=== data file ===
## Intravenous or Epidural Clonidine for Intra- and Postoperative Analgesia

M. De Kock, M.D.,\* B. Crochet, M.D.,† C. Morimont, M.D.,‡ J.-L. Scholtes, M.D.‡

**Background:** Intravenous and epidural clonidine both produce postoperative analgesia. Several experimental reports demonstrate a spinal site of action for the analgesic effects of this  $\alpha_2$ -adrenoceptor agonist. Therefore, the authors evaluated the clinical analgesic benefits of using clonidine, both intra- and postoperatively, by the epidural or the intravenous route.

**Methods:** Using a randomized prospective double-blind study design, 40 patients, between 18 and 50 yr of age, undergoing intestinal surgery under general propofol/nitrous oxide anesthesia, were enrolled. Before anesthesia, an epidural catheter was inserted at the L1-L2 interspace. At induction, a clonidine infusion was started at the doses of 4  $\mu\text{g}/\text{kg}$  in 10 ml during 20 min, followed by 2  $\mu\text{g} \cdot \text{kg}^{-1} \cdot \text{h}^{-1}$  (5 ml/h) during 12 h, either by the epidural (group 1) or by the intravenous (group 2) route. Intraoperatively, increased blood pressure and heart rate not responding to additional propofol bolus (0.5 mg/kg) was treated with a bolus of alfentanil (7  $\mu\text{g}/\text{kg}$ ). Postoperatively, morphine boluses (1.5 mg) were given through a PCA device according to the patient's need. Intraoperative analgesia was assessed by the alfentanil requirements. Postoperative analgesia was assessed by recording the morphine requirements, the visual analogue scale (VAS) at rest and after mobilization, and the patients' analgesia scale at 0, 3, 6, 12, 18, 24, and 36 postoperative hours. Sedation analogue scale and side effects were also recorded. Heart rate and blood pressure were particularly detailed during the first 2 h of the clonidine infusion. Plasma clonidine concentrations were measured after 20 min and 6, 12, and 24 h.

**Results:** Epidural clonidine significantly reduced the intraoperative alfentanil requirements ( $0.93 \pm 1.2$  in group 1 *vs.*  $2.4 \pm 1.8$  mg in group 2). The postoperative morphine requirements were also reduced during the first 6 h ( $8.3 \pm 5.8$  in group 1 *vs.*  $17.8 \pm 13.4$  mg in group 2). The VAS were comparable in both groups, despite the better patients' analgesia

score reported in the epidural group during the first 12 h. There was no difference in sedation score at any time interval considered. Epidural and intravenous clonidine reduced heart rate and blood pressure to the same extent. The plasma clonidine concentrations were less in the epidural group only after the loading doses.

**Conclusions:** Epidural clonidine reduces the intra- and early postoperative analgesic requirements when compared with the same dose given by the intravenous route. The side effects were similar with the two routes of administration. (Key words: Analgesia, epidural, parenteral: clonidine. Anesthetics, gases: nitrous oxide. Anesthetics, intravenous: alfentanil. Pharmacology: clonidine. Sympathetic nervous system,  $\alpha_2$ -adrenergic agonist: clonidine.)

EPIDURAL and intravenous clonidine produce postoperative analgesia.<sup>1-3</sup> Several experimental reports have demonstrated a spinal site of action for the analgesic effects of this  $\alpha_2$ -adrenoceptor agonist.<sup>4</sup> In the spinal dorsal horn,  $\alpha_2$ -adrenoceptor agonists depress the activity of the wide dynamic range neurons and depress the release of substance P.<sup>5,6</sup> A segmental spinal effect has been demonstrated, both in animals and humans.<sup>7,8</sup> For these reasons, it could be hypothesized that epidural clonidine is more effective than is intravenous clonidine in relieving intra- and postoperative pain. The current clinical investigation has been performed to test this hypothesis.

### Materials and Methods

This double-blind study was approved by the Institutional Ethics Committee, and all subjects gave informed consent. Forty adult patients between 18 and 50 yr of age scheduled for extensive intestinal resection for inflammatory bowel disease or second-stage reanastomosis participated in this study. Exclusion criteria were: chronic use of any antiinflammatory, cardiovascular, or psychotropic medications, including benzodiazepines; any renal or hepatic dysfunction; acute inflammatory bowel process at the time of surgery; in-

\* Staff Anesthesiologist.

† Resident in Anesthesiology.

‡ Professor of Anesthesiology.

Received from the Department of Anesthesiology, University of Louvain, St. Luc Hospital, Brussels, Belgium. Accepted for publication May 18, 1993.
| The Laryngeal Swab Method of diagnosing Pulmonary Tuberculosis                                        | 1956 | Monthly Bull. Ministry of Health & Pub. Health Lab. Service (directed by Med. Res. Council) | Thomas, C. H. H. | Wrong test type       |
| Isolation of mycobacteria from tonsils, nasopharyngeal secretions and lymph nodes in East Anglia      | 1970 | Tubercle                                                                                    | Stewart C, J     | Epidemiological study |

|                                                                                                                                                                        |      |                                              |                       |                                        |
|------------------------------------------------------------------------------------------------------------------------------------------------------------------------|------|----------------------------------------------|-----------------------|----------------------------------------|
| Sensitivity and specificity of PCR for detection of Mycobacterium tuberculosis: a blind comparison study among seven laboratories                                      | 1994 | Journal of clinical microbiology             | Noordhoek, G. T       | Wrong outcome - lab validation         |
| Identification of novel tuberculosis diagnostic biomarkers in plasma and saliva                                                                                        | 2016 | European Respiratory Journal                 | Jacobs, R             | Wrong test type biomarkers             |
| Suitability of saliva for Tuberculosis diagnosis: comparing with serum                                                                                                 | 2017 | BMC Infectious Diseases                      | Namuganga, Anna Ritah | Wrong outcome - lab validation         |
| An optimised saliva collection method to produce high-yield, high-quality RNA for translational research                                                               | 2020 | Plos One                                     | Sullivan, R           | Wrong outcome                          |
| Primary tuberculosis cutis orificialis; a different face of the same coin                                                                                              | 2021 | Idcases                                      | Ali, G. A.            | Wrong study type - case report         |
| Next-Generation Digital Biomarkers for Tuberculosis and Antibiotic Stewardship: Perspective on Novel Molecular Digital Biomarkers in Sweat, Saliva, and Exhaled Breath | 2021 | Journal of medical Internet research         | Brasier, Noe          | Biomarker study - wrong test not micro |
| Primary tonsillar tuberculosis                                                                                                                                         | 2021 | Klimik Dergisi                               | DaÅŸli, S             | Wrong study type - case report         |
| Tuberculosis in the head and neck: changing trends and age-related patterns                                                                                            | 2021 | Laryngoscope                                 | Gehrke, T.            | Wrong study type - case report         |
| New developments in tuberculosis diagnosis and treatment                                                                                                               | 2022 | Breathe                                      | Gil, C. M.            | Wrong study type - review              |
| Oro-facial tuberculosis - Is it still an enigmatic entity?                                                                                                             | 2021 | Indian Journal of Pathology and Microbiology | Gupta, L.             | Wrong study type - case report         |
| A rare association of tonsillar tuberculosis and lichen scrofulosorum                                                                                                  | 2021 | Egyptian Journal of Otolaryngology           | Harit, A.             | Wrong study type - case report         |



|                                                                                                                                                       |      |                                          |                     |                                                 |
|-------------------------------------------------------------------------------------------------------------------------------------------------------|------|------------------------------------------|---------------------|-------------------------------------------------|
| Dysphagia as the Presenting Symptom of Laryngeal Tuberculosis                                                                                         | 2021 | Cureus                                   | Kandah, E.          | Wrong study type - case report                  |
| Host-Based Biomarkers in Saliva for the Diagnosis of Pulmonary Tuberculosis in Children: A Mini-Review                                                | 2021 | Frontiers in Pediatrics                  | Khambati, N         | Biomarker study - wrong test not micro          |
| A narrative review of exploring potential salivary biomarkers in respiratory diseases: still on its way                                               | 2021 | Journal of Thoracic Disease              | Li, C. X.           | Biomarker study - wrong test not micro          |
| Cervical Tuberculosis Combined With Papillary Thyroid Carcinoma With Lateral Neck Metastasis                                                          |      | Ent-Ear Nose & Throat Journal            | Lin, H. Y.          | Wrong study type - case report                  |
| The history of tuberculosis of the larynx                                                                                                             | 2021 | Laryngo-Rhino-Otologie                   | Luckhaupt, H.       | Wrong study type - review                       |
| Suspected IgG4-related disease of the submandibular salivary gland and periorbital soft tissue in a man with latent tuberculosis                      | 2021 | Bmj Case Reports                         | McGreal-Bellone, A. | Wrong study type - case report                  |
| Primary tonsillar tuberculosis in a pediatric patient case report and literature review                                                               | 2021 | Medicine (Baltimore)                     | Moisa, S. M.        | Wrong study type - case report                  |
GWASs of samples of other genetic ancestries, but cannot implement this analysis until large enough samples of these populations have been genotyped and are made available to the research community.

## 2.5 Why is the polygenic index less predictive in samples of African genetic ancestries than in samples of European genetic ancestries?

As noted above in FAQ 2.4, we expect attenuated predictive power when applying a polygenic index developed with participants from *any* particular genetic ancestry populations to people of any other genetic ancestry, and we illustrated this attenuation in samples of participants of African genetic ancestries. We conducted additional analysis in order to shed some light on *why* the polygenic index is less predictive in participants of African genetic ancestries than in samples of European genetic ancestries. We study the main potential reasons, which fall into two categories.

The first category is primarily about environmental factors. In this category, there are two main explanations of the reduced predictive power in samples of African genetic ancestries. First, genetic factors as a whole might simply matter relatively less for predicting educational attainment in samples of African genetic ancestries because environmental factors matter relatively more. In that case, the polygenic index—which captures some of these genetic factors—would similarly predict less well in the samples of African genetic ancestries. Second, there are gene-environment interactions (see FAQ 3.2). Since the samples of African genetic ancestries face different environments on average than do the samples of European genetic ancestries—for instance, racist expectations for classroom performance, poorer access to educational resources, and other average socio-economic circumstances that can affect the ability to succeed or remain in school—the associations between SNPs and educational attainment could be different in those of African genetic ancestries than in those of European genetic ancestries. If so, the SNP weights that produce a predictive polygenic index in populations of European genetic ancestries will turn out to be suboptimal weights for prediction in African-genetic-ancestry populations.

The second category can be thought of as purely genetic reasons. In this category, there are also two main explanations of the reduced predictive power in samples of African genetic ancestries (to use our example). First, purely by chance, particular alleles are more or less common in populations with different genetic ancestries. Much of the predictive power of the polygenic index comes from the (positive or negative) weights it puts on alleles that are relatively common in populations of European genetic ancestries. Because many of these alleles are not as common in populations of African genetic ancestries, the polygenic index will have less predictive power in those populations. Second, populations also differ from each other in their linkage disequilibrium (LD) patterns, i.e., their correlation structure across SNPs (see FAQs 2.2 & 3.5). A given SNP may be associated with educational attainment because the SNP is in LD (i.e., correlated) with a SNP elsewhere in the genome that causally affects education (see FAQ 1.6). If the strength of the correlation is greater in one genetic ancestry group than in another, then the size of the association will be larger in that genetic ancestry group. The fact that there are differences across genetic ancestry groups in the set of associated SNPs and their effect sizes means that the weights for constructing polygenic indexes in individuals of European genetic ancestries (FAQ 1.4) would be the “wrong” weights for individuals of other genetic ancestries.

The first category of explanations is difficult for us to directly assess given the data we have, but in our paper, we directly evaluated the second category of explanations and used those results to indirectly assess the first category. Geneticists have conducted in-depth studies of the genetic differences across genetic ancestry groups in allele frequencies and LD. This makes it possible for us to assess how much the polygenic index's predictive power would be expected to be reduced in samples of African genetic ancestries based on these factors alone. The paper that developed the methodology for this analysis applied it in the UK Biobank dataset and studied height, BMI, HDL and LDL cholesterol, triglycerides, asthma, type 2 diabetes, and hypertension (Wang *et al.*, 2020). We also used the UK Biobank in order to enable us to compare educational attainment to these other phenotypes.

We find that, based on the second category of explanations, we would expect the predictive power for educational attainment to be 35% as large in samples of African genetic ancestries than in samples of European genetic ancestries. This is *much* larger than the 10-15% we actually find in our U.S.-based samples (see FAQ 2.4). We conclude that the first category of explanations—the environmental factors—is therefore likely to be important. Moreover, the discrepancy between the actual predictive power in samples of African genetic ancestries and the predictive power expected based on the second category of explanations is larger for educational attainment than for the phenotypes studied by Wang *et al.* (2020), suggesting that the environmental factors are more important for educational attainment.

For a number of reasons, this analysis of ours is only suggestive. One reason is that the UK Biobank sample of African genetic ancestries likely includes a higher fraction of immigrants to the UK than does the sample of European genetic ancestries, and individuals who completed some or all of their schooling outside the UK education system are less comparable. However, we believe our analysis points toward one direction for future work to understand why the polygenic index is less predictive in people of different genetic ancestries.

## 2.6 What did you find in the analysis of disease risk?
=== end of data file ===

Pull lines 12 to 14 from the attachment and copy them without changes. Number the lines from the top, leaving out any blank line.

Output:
† Resident in Anesthesiology.

‡ Professor of Anesthesiology.

Received from the Department of Anesthesiology, University of Louvain, St. Luc Hospital, Brussels, Belgium. Accepted for publication May 18, 1993.